In the news recently, Mylan CEO, Heather Bresh, was called before the House Oversight Committee to discuss Mylan’s increase in prices of the EpiPen. In case you missed it, EpiPen prices have risen about 400% with a two pack of the lifesaving injection drug at a retail cost of $600.
According to CNN, Ms. Bresh’s testimony before the House Oversight Committee will state that Mylan only makes about $50 for each $300 pen. Money magazine also details how Mylan is trying to get EpiPen on the Preventative Medicines list, which would allow patients to receive EpiPen will little or no out-of-pocket costs, and so that insurance would have to pick up the cost.
What gets lost in the outrage over a drug price increase, is why the huge increase? EpiPen has been around a long time, and the process to create EpiPen hasn’t changed for some time, so why the huge increase, and why is Mylan only getting $50 profit from a $300 item.
One theory is Mylan has been increasing the demand of EpiPen through effective marketing practices. See this Bloomberg article. Another often not discussed aspect is transfer pricing, inversions and booking profits offshore. As stated in the 10-K for Mylan for tax year ended (tye) December 31, 2014, Mylan inverted from a Pennsylvania Company to a Netherlands company with its principal executive offices in Potters Bar, UK.
As previously discussed in this Blog, one of the key tools U.S. Multinational Corporations (USMNCs) utilize to lower its tax rate is to invert the corporate headquarters to a lower tax jurisdiction.
Also as previously discussed in this Blog, a second tool used by USMNCs is transfer pricing. In this case, as stated in this Time article, it costs Mylan about $30 to make each dose of EpiPen. Mylan likely has the drug filled in the Netherlands or another tax favorable jurisdiction, and then re-sells the drug at the $600 price for a EpiPen 2 pack back to U.S. distributors, thereby booking the costs in the tax favorable jurisdiction. See this primer on transfer pricing.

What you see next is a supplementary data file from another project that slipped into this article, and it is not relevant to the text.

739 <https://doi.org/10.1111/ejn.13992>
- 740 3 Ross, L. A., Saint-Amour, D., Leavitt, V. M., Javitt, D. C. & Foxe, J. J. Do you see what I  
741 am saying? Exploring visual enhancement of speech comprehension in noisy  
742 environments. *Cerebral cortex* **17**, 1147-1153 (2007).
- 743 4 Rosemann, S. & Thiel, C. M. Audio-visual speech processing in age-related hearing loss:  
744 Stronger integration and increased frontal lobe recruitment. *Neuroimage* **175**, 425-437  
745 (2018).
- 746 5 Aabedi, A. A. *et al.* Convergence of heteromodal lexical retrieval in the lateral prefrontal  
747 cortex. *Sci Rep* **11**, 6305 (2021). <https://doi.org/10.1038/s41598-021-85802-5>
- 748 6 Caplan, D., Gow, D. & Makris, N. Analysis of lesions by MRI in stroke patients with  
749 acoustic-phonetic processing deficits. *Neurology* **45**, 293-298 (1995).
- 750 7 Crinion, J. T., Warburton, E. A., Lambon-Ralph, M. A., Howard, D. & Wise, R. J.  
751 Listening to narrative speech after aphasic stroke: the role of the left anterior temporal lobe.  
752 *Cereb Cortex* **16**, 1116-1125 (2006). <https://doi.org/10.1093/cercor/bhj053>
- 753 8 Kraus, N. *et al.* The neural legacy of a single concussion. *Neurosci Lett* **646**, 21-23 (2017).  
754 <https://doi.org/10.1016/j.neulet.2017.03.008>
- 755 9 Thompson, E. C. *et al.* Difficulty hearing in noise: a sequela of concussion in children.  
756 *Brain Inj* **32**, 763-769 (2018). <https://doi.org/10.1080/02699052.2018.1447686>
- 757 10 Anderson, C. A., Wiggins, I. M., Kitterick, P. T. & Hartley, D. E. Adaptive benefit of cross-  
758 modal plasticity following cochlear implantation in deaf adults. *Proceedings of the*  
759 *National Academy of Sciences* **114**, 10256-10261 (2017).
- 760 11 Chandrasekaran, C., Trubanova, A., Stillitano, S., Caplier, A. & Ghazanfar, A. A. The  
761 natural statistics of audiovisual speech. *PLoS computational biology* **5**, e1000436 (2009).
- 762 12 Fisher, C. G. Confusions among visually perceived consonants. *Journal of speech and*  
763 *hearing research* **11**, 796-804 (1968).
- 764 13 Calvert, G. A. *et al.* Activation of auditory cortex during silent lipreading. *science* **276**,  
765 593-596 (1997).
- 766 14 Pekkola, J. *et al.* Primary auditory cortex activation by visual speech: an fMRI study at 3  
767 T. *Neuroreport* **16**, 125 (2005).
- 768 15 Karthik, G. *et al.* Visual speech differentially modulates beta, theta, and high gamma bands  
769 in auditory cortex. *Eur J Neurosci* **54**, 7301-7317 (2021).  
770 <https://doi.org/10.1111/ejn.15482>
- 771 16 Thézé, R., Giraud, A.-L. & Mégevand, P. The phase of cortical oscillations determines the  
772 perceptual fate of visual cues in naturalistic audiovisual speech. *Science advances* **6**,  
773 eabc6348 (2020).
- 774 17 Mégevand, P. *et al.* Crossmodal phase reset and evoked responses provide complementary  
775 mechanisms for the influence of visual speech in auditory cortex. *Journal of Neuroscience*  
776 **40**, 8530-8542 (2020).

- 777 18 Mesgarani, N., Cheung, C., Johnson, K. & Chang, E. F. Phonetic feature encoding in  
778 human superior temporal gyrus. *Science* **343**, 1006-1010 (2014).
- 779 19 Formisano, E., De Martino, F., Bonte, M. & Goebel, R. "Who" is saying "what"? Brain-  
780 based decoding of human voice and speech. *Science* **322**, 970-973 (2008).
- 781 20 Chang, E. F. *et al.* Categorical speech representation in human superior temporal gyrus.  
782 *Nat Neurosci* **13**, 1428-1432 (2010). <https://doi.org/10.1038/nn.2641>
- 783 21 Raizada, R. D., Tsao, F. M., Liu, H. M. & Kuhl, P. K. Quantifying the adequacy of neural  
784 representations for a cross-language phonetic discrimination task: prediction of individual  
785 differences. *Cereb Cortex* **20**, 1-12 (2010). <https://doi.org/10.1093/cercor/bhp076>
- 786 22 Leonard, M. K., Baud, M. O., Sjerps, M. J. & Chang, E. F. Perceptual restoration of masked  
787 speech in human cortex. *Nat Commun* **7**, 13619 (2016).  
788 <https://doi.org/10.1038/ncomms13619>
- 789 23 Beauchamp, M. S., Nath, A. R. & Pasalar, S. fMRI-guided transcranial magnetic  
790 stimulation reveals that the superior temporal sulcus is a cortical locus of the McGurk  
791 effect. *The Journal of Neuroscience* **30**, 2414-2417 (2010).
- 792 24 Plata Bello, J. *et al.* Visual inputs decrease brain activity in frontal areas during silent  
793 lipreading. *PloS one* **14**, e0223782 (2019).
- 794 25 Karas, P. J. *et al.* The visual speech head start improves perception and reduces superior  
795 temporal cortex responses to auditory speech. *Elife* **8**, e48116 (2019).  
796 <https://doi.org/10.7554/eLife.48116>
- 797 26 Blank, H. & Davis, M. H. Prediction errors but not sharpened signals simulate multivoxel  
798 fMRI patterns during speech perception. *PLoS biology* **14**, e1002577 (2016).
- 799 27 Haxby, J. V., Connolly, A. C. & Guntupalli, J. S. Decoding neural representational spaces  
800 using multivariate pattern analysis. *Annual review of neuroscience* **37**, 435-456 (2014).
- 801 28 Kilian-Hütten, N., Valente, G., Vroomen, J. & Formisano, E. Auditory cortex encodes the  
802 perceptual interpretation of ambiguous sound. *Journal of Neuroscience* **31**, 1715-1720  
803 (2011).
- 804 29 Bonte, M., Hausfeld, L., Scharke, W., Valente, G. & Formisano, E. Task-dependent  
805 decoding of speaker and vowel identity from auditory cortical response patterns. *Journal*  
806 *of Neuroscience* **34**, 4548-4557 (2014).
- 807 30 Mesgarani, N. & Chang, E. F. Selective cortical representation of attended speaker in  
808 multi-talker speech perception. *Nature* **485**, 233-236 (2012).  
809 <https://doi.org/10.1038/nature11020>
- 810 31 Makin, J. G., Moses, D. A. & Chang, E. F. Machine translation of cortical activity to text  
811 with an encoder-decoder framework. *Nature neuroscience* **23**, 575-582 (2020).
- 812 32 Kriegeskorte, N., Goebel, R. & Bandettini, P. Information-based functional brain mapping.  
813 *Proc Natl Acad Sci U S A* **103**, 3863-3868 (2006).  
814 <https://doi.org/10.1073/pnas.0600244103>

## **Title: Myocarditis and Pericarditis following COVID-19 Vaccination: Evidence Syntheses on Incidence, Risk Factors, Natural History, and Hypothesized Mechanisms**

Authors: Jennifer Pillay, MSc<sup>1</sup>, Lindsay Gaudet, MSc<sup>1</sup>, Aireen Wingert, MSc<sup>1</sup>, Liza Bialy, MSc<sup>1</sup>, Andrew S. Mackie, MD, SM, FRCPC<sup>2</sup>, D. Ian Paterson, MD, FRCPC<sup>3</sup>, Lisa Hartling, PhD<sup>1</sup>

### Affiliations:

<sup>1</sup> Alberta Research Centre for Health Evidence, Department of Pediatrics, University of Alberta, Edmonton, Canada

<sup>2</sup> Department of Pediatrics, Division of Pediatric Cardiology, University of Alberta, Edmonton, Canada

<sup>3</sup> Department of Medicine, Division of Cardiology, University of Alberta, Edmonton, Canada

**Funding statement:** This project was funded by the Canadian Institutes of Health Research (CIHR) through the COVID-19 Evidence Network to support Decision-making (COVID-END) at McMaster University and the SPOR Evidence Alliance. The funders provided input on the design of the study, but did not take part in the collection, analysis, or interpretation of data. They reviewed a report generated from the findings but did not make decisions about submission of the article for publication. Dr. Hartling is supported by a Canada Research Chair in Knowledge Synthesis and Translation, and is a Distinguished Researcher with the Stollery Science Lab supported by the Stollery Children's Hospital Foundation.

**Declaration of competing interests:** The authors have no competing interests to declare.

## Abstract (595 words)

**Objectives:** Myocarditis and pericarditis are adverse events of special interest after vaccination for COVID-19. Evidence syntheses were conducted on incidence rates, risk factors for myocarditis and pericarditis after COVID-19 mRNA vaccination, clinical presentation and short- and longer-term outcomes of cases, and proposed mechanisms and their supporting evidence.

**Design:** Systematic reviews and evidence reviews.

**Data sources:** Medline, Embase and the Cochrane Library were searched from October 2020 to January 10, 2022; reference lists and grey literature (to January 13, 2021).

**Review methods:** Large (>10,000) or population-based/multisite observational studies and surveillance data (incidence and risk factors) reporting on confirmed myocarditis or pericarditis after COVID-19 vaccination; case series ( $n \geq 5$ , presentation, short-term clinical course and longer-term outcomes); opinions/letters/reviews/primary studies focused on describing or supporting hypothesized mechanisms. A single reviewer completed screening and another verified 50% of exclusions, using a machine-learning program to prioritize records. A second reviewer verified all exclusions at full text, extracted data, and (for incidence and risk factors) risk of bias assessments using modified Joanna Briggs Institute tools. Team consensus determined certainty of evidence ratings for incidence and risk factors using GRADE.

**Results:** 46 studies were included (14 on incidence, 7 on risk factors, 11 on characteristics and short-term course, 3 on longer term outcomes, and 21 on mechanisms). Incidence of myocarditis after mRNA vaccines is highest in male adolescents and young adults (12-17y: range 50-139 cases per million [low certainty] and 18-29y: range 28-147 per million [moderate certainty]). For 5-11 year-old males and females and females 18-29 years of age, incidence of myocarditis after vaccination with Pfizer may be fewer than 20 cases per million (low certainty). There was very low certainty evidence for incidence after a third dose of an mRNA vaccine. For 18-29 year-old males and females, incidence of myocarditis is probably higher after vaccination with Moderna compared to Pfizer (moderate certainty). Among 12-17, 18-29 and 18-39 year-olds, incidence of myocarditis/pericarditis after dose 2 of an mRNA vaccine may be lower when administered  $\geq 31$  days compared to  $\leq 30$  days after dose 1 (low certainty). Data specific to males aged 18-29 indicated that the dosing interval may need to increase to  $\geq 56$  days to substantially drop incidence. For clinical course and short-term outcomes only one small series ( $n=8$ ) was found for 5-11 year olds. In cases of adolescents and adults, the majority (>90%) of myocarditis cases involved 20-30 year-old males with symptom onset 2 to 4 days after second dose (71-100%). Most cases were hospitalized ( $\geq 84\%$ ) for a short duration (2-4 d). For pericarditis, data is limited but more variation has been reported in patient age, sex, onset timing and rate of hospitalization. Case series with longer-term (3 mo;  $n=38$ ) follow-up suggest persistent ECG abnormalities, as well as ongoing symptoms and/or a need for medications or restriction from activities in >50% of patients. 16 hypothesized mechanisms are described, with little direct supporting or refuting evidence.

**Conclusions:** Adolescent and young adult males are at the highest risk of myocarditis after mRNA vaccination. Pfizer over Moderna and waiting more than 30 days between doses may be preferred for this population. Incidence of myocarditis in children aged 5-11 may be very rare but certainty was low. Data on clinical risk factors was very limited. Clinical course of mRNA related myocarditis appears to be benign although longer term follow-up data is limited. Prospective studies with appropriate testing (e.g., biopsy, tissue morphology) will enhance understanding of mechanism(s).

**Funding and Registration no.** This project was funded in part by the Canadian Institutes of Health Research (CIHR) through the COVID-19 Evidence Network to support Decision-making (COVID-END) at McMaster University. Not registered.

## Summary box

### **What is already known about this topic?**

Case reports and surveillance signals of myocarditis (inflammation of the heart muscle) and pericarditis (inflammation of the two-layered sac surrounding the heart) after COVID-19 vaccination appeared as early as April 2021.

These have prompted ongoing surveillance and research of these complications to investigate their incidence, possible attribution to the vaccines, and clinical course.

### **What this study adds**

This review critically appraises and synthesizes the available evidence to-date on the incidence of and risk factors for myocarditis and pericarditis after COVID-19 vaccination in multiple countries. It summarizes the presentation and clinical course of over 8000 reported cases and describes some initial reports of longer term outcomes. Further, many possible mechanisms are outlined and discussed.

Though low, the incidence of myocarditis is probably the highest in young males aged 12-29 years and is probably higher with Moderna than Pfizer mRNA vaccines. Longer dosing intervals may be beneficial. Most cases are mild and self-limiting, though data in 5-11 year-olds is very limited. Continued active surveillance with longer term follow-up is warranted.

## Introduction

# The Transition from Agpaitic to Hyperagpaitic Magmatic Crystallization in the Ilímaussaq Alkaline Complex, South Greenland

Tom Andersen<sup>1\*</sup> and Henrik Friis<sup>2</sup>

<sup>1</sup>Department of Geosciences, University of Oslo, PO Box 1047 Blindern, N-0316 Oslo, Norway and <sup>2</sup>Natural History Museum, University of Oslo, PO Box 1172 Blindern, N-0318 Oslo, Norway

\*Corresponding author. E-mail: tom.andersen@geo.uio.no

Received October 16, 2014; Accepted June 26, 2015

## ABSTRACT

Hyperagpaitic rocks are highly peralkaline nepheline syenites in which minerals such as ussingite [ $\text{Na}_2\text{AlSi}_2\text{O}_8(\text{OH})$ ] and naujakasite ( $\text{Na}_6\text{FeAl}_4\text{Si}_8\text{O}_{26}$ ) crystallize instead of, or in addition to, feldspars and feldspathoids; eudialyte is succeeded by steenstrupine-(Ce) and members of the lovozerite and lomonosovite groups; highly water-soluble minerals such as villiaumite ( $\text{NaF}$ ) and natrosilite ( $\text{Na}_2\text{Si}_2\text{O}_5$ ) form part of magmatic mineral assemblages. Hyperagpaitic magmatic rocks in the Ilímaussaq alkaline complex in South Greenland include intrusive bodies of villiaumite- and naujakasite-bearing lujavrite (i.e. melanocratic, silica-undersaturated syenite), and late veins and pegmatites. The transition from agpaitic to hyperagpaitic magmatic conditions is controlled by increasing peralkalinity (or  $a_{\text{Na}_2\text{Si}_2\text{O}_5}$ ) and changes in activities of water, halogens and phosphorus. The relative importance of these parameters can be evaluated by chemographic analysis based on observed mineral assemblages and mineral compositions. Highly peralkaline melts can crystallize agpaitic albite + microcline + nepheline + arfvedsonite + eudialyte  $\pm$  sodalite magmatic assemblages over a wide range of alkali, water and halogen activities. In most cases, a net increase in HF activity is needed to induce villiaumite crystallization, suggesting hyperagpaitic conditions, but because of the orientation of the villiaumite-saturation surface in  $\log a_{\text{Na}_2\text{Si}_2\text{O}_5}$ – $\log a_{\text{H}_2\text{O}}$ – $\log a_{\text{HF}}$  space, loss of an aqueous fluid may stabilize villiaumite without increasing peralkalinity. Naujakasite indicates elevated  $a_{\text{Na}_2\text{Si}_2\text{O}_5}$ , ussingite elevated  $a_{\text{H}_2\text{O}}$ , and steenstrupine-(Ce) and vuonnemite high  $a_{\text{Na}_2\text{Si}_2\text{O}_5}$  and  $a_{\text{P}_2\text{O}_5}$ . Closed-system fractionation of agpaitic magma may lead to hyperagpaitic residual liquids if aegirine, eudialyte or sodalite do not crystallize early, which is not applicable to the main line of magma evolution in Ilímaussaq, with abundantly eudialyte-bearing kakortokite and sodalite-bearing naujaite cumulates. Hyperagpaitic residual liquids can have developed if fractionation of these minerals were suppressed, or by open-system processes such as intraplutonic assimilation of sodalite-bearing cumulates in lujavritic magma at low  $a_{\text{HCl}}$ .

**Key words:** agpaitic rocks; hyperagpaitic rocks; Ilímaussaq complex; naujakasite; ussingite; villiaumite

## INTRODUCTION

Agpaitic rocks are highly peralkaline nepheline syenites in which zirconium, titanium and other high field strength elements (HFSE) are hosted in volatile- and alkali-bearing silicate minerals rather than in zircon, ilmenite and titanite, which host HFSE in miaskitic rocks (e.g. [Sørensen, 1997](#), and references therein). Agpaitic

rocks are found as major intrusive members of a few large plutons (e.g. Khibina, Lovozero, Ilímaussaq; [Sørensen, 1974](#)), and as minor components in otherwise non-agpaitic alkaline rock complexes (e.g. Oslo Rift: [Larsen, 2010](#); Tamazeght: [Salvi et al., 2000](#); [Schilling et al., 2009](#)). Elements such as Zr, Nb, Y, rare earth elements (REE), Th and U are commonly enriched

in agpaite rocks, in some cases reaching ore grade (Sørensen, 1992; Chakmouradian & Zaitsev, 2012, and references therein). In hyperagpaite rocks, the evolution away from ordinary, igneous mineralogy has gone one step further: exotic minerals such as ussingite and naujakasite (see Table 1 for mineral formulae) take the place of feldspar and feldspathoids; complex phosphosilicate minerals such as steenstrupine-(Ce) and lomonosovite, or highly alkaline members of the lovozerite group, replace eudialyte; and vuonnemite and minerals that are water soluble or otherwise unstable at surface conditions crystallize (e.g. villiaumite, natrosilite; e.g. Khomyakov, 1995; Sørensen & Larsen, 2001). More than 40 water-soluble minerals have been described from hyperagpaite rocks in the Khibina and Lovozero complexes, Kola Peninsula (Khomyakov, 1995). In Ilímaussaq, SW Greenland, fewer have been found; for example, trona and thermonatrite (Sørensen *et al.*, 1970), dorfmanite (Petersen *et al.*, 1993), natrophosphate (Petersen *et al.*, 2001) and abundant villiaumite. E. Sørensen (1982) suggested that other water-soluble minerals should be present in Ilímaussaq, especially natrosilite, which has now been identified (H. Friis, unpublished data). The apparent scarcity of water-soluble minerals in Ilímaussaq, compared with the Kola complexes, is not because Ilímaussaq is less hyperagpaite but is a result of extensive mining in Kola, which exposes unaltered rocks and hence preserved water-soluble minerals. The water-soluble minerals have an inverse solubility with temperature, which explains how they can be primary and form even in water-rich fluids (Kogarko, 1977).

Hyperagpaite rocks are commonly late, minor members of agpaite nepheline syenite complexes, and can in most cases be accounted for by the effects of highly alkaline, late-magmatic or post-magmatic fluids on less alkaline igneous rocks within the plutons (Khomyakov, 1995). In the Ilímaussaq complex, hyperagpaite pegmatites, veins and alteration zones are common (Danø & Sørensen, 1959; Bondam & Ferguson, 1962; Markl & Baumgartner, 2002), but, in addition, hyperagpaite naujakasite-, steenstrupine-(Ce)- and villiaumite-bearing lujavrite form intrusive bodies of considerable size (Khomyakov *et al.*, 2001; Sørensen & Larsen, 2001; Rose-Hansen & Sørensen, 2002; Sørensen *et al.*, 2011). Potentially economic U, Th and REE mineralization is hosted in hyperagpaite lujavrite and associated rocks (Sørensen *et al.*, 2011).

By using this method (transfer pricing) USMNCs can claim a lower tax rate than the applicable 35% tax rate. While I am not saying that Mylan utilizes transfer pricing, one indicator that Mylan may be utilizing transfer pricing is in its 10K, Mylan states that for 2014, Mylan only pays an effective tax rate of 4.2%. (FYI, the statutory rate is 35% for corporations in the United States.) Mylan also lists on is 10K that it approximately $693 million permanently reinvested in its foreign subsidiaries, which is how companies disguise on their 10K amounts they are holding offshore to avoid taxation in the U.S.
So this begs the question, why can Congress call Ms. Bresh to appear before the House Oversight Committee to discuss pricing, but the IRS can’t call Mylan to conduct an analysis of its transfer pricing or its inversion practice?
If you know of a corporation undervaluing assets in its transfer pricing models, contact our firm to discuss filing a tax whistleblower claim. IRS will pay an award between 15-30% of collected proceeds (tax, penalties, and interest) to whistleblowers who provide substantial and credible information used by the IRS in prosecuting the alleged tax violators.